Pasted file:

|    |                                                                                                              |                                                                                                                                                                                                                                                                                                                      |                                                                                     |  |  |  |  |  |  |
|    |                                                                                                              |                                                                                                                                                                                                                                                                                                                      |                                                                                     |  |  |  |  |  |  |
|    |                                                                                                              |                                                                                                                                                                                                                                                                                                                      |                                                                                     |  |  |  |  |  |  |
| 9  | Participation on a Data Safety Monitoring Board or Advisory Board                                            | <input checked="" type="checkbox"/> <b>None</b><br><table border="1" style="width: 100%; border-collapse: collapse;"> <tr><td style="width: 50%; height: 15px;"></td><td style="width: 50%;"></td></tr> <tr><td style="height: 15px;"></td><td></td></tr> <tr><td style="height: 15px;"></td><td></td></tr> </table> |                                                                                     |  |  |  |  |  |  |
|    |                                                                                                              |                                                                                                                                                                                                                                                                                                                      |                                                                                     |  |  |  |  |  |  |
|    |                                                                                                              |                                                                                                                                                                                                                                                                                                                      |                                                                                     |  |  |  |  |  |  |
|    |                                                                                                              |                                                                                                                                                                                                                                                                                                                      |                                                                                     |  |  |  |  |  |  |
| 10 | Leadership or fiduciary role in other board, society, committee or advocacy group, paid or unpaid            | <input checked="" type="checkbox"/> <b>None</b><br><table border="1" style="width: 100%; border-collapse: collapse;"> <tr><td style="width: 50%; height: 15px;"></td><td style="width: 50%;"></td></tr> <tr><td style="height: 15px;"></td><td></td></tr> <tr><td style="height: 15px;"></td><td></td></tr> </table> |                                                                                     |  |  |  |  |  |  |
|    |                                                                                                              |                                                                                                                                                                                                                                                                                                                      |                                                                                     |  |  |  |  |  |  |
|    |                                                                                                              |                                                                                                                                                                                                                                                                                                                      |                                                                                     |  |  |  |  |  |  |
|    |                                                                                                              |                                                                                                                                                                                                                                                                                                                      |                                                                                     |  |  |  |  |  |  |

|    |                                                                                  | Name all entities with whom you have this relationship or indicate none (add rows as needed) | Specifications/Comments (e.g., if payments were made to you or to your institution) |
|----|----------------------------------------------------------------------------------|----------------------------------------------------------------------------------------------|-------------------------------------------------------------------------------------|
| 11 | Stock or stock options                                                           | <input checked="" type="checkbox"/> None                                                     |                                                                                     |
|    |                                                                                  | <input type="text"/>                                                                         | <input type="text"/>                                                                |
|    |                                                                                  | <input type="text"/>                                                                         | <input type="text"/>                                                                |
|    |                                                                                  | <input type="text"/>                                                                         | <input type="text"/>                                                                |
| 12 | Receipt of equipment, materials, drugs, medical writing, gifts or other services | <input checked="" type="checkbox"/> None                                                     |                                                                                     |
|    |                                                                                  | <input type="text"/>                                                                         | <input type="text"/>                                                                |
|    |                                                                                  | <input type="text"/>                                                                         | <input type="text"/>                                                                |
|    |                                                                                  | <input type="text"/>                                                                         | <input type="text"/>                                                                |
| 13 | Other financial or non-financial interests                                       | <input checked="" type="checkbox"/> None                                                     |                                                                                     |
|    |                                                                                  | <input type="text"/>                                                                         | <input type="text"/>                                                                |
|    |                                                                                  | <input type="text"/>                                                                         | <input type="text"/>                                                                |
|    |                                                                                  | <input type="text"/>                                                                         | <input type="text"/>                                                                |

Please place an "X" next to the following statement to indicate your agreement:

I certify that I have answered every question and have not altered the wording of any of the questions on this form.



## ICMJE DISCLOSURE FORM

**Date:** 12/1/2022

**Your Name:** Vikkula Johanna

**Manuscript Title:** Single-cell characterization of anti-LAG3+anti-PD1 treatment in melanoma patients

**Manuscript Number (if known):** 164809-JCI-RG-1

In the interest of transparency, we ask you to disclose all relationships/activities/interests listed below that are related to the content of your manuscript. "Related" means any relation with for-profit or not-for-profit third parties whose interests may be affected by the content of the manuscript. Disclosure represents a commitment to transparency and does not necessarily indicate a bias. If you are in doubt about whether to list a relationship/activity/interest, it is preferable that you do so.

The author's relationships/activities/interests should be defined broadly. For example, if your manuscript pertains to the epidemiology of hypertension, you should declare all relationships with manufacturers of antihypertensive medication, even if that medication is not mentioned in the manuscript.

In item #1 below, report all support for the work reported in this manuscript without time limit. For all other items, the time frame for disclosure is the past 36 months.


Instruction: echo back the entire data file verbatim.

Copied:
|    |                                                                                                              |                                                                                                                                                                                                                                                                                                                      |                                                                                     |  |  |  |  |  |  |
|    |                                                                                                              |                                                                                                                                                                                                                                                                                                                      |                                                                                     |  |  |  |  |  |  |
|    |                                                                                                              |                                                                                                                                                                                                                                                                                                                      |                                                                                     |  |  |  |  |  |  |
| 9  | Participation on a Data Safety Monitoring Board or Advisory Board                                            | <input checked="" type="checkbox"/> <b>None</b><br><table border="1" style="width: 100%; border-collapse: collapse;"> <tr><td style="width: 50%; height: 15px;"></td><td style="width: 50%;"></td></tr> <tr><td style="height: 15px;"></td><td></td></tr> <tr><td style="height: 15px;"></td><td></td></tr> </table> |                                                                                     |  |  |  |  |  |  |
|    |                                                                                                              |                                                                                                                                                                                                                                                                                                                      |                                                                                     |  |  |  |  |  |  |
|    |                                                                                                              |                                                                                                                                                                                                                                                                                                                      |                                                                                     |  |  |  |  |  |  |
|    |                                                                                                              |                                                                                                                                                                                                                                                                                                                      |                                                                                     |  |  |  |  |  |  |
| 10 | Leadership or fiduciary role in other board, society, committee or advocacy group, paid or unpaid            | <input checked="" type="checkbox"/> <b>None</b><br><table border="1" style="width: 100%; border-collapse: collapse;"> <tr><td style="width: 50%; height: 15px;"></td><td style="width: 50%;"></td></tr> <tr><td style="height: 15px;"></td><td></td></tr> <tr><td style="height: 15px;"></td><td></td></tr> </table> |                                                                                     |  |  |  |  |  |  |
|    |                                                                                                              |                                                                                                                                                                                                                                                                                                                      |                                                                                     |  |  |  |  |  |  |
|    |                                                                                                              |                                                                                                                                                                                                                                                                                                                      |                                                                                     |  |  |  |  |  |  |
|    |                                                                                                              |                                                                                                                                                                                                                                                                                                                      |                                                                                     |  |  |  |  |  |  |

|    |                                                                                  | Name all entities with whom you have this relationship or indicate none (add rows as needed) | Specifications/Comments (e.g., if payments were made to you or to your institution) |
|----|----------------------------------------------------------------------------------|----------------------------------------------------------------------------------------------|-------------------------------------------------------------------------------------|
| 11 | Stock or stock options                                                           | <input checked="" type="checkbox"/> None                                                     |                                                                                     |
|    |                                                                                  | <input type="text"/>                                                                         | <input type="text"/>                                                                |
|    |                                                                                  | <input type="text"/>                                                                         | <input type="text"/>                                                                |
|    |                                                                                  | <input type="text"/>                                                                         | <input type="text"/>                                                                |
| 12 | Receipt of equipment, materials, drugs, medical writing, gifts or other services | <input checked="" type="checkbox"/> None                                                     |                                                                                     |
|    |                                                                                  | <input type="text"/>                                                                         | <input type="text"/>                                                                |
|    |                                                                                  | <input type="text"/>                                                                         | <input type="text"/>                                                                |
|    |                                                                                  | <input type="text"/>                                                                         | <input type="text"/>                                                                |
| 13 | Other financial or non-financial interests                                       | <input checked="" type="checkbox"/> None                                                     |                                                                                     |
|    |                                                                                  | <input type="text"/>                                                                         | <input type="text"/>                                                                |
|    |                                                                                  | <input type="text"/>                                                                         | <input type="text"/>                                                                |
|    |                                                                                  | <input type="text"/>                                                                         | <input type="text"/>                                                                |

Please place an "X" next to the following statement to indicate your agreement:

I certify that I have answered every question and have not altered the wording of any of the questions on this form.



## ICMJE DISCLOSURE FORM

**Date:** 12/1/2022

**Your Name:** Vikkula Johanna

**Manuscript Title:** Single-cell characterization of anti-LAG3+anti-PD1 treatment in melanoma patients

**Manuscript Number (if known):** 164809-JCI-RG-1

In the interest of transparency, we ask you to disclose all relationships/activities/interests listed below that are related to the content of your manuscript. "Related" means any relation with for-profit or not-for-profit third parties whose interests may be affected by the content of the manuscript. Disclosure represents a commitment to transparency and does not necessarily indicate a bias. If you are in doubt about whether to list a relationship/activity/interest, it is preferable that you do so.

The author's relationships/activities/interests should be defined broadly. For example, if your manuscript pertains to the epidemiology of hypertension, you should declare all relationships with manufacturers of antihypertensive medication, even if that medication is not mentioned in the manuscript.

In item #1 below, report all support for the work reported in this manuscript without time limit. For all other items, the time frame for disclosure is the past 36 months.